Intended to facilitate the installation of wireless infrastructure in the Commonwealth to increase wireless telecommunications and broadband services, SB 1282 established new Virginia Code § 56-484.27.A that prohibit localities and the Virginia Department of Transportation from imposing on wireless services providers and wireless infrastructure providers “any restrictions or requirements concerning the use of the public rights-of-way, including the permitting process, the zoning process, notice, time and location of excavations and repair work, enforcement of the statewide building code, and inspections, that are unfair, unreasonable, or discriminatory.” (emphasis added).  Exempting support structures used for wired telecommunication and information services from the USBC, but not support structures used for wireless telecommunications and information services is unfair and discriminatory, and thus would violate this new provision of state law that takes effect July 1, 2017.  Moreover, as described above the additional inspection process required to obtain a building permit for wooden poles supporting wireless equipment is directly contrary to goal of SB 1282, as well as state and federal policies that facilitate installation of wireless infrastructure in order to expand broadband access.   

Verizon respectfully submits that support structures used to provide any telecommunications or information service should be exempt from the USBC, regardless of who installs them or whether they are wired or wireless.  To the extent the Board finds it appropriate to distinguish between traditional cellular towers and traditional utility poles, it should exempt all support structures used to provide telecommunications or information services regulated by the National Electrical Safety Code from the USBC.


5/26/17  3:48 pm
Commenter: Matthew Barkley, Building For All Committee

BFAC's Comments on 2015 Building Code Changes
 

Fairfax County’s Building For All Committee (BFAC) is a public-private coalition whose mission is to advocate for homes to be comfortable, safe, convenient and that they enhance the independence of people of all ages, sizes and abilities.  We seek to accomplish this by: Promoting the merits of universal design features in housing; educating consumers about the benefits of universal design; leading advocacy efforts to affect public policy in support of universal design; and by increasing the building industry's knowledge of universal design.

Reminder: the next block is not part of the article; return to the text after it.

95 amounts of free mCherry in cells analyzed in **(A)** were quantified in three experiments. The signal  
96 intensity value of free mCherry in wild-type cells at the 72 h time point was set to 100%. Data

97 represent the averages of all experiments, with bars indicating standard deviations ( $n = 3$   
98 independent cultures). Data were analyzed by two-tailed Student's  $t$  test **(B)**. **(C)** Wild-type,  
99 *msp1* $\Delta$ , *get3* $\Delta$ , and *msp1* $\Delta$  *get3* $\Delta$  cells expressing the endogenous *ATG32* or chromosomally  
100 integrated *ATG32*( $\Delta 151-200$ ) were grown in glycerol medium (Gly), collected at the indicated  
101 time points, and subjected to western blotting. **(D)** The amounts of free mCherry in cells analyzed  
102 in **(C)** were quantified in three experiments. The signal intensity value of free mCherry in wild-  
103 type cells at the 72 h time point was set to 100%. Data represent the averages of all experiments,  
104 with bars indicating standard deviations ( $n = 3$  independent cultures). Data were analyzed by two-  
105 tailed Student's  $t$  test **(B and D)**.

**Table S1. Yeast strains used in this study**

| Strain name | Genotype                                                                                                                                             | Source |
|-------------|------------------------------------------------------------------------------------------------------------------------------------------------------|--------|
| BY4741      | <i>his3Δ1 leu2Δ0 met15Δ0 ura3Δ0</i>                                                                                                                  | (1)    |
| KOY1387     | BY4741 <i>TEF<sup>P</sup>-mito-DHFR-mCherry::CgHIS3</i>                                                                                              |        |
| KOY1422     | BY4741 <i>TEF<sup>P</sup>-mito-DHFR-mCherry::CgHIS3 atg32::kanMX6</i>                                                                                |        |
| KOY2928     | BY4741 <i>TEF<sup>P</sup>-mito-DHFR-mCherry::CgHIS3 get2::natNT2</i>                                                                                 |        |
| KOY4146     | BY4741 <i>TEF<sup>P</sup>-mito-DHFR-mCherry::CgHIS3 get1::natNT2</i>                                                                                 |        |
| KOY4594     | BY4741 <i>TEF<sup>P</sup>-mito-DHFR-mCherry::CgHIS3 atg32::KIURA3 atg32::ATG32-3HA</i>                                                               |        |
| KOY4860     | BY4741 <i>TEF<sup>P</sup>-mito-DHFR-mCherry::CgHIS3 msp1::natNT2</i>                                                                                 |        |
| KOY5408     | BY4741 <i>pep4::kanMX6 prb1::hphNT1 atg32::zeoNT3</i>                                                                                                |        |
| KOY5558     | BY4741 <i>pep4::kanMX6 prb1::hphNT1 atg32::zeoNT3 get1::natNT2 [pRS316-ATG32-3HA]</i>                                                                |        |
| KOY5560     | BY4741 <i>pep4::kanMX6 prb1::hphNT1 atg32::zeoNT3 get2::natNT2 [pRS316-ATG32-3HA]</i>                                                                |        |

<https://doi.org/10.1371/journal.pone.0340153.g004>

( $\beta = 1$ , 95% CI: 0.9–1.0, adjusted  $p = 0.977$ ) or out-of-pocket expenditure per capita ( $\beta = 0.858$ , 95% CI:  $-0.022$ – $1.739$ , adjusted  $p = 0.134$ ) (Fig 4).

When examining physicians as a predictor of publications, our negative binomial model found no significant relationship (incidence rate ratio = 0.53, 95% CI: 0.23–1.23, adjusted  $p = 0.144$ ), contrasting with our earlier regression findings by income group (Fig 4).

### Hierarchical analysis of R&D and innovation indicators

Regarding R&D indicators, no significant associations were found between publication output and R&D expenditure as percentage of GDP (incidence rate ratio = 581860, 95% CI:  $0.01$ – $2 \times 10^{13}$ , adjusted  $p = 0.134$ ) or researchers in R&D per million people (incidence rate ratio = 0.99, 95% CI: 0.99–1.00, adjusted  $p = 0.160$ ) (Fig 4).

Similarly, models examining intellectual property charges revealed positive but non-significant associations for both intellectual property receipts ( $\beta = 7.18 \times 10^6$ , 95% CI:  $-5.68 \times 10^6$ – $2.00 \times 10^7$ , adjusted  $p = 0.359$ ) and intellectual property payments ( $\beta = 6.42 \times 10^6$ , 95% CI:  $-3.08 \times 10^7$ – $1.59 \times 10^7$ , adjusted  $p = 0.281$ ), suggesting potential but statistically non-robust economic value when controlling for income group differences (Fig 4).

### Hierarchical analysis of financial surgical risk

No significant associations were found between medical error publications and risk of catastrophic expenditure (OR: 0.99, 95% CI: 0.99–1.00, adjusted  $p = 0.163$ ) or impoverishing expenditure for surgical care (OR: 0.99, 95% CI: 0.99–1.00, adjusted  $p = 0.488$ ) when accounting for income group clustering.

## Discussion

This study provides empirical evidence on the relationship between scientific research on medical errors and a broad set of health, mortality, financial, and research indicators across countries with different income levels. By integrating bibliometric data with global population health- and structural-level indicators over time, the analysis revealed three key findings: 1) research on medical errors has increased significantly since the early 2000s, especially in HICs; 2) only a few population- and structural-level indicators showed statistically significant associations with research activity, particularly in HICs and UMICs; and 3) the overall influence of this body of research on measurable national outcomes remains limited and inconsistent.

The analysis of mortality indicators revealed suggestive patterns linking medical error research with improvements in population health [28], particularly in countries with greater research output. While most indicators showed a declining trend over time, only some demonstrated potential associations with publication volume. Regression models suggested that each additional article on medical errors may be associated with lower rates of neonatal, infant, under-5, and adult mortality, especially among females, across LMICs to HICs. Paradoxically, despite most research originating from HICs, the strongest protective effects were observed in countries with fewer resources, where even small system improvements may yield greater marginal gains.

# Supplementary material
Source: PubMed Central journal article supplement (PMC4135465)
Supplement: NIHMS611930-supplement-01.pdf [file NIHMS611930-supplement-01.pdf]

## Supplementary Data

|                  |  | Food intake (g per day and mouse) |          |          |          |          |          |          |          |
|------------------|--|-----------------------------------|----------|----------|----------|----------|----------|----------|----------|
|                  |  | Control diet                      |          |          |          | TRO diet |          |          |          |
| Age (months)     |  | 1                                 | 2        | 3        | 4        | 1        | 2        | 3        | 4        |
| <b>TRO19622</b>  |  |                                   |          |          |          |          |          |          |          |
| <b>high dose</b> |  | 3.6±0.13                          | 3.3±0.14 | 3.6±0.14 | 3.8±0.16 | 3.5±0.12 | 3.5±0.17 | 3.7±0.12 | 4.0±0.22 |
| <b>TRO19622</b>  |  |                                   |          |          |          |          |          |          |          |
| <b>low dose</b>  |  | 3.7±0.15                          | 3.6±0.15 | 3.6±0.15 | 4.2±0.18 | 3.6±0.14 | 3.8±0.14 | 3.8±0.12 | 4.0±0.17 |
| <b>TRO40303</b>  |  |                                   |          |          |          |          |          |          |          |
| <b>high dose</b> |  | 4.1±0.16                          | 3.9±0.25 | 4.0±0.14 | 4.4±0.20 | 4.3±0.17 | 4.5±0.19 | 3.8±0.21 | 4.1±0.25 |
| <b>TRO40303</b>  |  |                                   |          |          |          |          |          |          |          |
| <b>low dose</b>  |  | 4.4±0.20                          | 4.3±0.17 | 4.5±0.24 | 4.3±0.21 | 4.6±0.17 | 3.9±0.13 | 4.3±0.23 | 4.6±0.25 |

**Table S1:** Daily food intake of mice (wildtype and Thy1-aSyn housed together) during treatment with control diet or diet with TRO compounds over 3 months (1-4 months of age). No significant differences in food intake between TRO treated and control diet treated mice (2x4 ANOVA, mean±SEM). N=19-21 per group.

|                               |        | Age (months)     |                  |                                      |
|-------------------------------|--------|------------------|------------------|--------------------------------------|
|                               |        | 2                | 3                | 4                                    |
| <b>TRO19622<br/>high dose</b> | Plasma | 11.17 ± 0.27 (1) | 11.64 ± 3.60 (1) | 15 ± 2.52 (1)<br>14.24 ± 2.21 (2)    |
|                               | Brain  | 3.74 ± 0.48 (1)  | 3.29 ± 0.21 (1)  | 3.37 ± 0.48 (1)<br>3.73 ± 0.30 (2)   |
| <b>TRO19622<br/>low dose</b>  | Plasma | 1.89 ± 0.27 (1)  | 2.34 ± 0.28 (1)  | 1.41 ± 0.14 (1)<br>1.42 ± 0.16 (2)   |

BFAC is exceedingly grateful to the Department of Housing and Community Development for maintaining the requisite for 34 inch doorways in newly constructed single family homes as part of the revisions to the Commonwealth of Virginia’s Statewide Uniform Building Code.  We also support the need to clarify the language in the Commonwealth’s Building Code as to when specifically this condition should be applied.  BFAC’s support for adequate space for maneuverability is in no way intended to impose an undue burden on builders, and is solely intended to make newly constructed homes in Virginia environments where people of all ages and abilities can thrive.

While reviewing the updated language which we strongly support, two areas of potential concern were identified that we would encourage you to clarify before the revised building code is finalized.

  • Exemption for additions to existing homes—BFAC agrees that the intent and purpose of this obligation is primarily targeting newly constructed homes.  However, there are instances where additions to existing homes are greater than the original home foundation.  In cases where the addition to a previously existing home match or even exceed the size and scope of the original home, we believe that there could be additional language incorporated into the proposed language where the 34-inch obligation could apply to additions in such instances.
  • Exemption for reconstruction of existing homes—It is our understanding that a complete “reconstruction” of an existing home essentially means that the home is torn down to the foundation and reconstructed to the extent that it could essentially be considered a newly constructed home.  Again, we believe this could be clarified further to ensure that 34-inch doorways are utilized to the greatest extent possible.

BFAC supports the concept of this newly implemented prerequisite for 34 inch doorways to apply to newly constructed single family homes.  We applaud VHDA’s efforts and understand the need to clarify the language in the revised version of the Commonwealth of Virginia’s Statewide Uniform Building Code.  Our only concern is that these two exceptions for “additions” and “reconstruction” could be used as potential loopholes for builders to avoid complying with the 34-inch doorway obligation, and hope that you’ll take our comments into consideration as you finalize the language in the revised statewide uniform building code.